EU Membership Is Still a Distant Goal for Bosnia

A much anticipated strategy unveiled by the European Commission today outlined a concrete way towards membership in the European Union for six Balkan aspirants – Albania, Bosnia, Kosovo, Macedonia, Montenegro and Serbia – but the document’s reception in Bosnia was mixed.

The bloc’s new enlargement strategy will focus on strengthening the rule of law, security and migration, socioeconomic development, transport and energy connectivity, digital affairs and reconciliation in the six countries. The goal is to have the six aspirants join the EU “in our generation,” said the EU foreign policy chief Federica Mogherini.

“It is clear today and that is the message – we will share a common future inside our European Union,” Mogherini said in Strasbourg.

Serbia and Montenegro were identified as front-runners toward accession. The new strategy says they could be allowed in by 2025 if they meet all the conditions. Bosnia, on the other hand, is yet to get an opinion from the European Commission on its membership application. With sustained effort and engagement, Bosnia could become a candidate for accession, the Commission said.

“Of course, Bosnian politicians will interpret (the strategy) as a confirmation of their European policies. I would suggest they stop to think about the fact that Bosnia is in the company of Kosovo – the only difference between Bosnia and Kosovo is in the small steps towards the candidate status, although Bosnia gained international recognition in 1992 and had the so-called European partnership with the EU in one form or another for twenty years, while Kosovo is conditionally a country since 2008,” said professor Mile Lasić.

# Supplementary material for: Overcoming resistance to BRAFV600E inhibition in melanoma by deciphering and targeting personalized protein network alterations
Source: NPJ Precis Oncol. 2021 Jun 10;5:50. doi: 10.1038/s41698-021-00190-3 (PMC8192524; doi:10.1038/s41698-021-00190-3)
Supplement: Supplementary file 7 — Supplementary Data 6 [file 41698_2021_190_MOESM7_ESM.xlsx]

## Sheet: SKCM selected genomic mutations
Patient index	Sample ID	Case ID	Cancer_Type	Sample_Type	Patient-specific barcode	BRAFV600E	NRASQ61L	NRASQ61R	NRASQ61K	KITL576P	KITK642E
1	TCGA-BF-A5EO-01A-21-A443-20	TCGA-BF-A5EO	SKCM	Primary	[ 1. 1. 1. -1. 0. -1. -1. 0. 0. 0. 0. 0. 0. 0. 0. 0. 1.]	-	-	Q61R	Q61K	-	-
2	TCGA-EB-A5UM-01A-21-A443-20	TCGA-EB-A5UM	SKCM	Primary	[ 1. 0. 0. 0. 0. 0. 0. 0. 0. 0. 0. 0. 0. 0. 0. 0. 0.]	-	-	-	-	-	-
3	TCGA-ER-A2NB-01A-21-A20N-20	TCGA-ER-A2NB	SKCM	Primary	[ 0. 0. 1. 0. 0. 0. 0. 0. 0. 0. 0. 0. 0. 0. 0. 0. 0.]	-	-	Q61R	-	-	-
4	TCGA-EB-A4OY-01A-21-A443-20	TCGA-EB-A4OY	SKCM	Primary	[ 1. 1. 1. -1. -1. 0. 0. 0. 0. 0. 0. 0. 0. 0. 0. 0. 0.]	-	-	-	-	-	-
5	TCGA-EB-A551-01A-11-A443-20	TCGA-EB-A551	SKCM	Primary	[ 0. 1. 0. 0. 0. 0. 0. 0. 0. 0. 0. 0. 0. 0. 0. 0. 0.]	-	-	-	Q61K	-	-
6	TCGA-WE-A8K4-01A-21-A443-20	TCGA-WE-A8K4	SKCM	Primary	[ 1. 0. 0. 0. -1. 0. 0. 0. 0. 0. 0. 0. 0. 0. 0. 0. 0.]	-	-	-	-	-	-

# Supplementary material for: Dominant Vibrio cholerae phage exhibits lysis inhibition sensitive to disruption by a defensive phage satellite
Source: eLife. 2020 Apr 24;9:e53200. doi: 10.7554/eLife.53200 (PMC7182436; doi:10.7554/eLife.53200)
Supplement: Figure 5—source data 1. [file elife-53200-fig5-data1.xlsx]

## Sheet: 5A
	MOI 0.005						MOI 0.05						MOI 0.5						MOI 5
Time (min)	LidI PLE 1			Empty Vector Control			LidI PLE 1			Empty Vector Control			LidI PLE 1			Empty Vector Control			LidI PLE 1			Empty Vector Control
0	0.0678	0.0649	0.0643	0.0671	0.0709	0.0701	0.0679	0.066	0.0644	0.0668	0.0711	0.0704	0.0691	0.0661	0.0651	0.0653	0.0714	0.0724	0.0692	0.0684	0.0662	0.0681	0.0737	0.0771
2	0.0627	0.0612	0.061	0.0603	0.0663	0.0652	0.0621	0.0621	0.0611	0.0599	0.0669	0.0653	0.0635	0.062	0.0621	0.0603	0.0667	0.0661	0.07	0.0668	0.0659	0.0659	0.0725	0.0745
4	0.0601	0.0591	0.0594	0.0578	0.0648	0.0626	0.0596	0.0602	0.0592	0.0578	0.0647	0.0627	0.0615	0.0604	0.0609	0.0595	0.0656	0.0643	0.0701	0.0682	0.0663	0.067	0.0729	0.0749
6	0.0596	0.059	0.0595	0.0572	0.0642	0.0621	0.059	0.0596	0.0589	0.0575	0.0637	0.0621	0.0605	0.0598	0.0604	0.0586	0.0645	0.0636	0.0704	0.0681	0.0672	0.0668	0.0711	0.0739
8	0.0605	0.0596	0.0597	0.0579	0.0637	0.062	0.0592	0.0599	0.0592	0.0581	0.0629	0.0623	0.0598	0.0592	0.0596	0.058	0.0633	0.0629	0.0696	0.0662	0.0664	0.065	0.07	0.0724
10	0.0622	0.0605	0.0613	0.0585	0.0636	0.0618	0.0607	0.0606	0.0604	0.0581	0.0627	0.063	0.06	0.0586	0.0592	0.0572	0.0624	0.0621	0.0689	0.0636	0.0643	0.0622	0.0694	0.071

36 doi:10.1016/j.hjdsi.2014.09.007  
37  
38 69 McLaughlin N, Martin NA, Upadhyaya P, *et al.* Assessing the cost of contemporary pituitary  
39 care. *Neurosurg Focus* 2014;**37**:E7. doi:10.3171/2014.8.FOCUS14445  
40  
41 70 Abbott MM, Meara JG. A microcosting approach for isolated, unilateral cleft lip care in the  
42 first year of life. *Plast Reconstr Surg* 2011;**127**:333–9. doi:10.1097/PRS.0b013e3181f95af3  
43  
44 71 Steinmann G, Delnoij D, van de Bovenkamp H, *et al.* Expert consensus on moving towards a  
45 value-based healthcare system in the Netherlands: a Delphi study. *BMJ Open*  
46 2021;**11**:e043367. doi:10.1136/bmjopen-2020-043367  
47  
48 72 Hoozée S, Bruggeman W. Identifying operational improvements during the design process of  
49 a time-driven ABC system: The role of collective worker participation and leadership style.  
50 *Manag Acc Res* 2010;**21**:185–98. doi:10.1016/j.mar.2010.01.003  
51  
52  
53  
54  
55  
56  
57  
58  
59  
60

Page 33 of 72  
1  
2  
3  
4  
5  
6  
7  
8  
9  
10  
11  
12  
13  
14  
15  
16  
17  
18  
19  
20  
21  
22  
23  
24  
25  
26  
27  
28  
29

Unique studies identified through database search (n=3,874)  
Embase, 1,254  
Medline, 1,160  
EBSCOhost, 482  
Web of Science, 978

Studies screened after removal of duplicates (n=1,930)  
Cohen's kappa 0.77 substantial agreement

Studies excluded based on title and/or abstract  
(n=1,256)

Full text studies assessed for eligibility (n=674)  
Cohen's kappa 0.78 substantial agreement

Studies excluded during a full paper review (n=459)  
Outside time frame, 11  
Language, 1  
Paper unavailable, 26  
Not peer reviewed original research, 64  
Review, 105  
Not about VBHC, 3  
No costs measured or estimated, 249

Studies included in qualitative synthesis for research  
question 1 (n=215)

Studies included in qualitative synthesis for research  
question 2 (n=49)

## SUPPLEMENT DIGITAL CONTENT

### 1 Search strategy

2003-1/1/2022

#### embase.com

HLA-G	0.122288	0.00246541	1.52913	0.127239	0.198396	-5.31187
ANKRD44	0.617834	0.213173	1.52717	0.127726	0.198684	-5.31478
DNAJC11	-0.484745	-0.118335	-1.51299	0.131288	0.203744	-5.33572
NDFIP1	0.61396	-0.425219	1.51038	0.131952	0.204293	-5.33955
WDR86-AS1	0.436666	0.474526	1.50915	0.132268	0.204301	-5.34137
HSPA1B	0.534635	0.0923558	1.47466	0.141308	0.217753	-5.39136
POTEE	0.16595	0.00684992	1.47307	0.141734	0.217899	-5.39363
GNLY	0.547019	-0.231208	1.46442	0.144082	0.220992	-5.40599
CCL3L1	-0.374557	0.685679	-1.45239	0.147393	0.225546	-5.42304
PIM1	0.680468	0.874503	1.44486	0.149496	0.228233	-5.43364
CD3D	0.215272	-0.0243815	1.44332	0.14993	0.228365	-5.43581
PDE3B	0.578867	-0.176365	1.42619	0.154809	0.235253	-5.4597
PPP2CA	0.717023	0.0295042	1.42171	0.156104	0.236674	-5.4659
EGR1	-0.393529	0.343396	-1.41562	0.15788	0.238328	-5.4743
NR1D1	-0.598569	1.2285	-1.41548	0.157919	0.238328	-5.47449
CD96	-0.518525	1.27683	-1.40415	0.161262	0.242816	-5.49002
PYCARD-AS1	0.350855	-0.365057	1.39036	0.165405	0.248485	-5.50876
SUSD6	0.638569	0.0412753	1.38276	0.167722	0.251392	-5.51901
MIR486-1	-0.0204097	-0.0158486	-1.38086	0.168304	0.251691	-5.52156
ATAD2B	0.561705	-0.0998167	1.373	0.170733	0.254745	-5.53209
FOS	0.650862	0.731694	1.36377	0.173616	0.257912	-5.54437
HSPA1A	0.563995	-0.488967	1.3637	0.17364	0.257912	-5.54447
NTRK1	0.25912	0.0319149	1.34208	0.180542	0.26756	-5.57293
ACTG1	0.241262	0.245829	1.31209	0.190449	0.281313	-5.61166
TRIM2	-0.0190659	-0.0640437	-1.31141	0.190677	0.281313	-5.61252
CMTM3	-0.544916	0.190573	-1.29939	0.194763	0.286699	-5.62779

“Meanwhile, both are the synonym for a ‘pariah’ country in the eyes of the Eurocrats in Brussels,” he said.

“Bosnia must do its homework at home (…) the key to which is an agreement between the three (main ethnic) groups. Without that political agreement, there can be no progress. No country can make progress – especially in economy – if it has unresolved inter-ethnic issues,” said Dušanka Majkić, a member of the Bosnian Parliament from the Bosnian Serb SNSD party.

Analyst Ivana Marić said the chances are slim Bosnian politicians will change their ways and stop trading blame and bickering over issues unimportant for the country’s EU membership bid, meaning that the neighboring countries will eventually join the bloc without Bosnia: “Are the authorities and their voters at least ashamed that (Bosnia) was among the first (former communist) countries that took the road towards (membership in) the EU, and now we are the last?”

Bosniak member of the Bosnian Presidency and the leader of main Bosniak party, the SDA, Bakir Izetbegović, said the strategy was a clear message that the Western Balkans is a European space with a future in the EU: “The new strategy allows (Bosnia) to join an open race by 2025, in which we can catch up and leave behind the countries that are currently ahead on the road to membership in the EU.”

His Croat colleague Dragan Čović said that it is up to Bosnia to do the job, starting with the EC Questionnaire: “But we must change the approach. The candidate status is at hand, and there is no time frame.”

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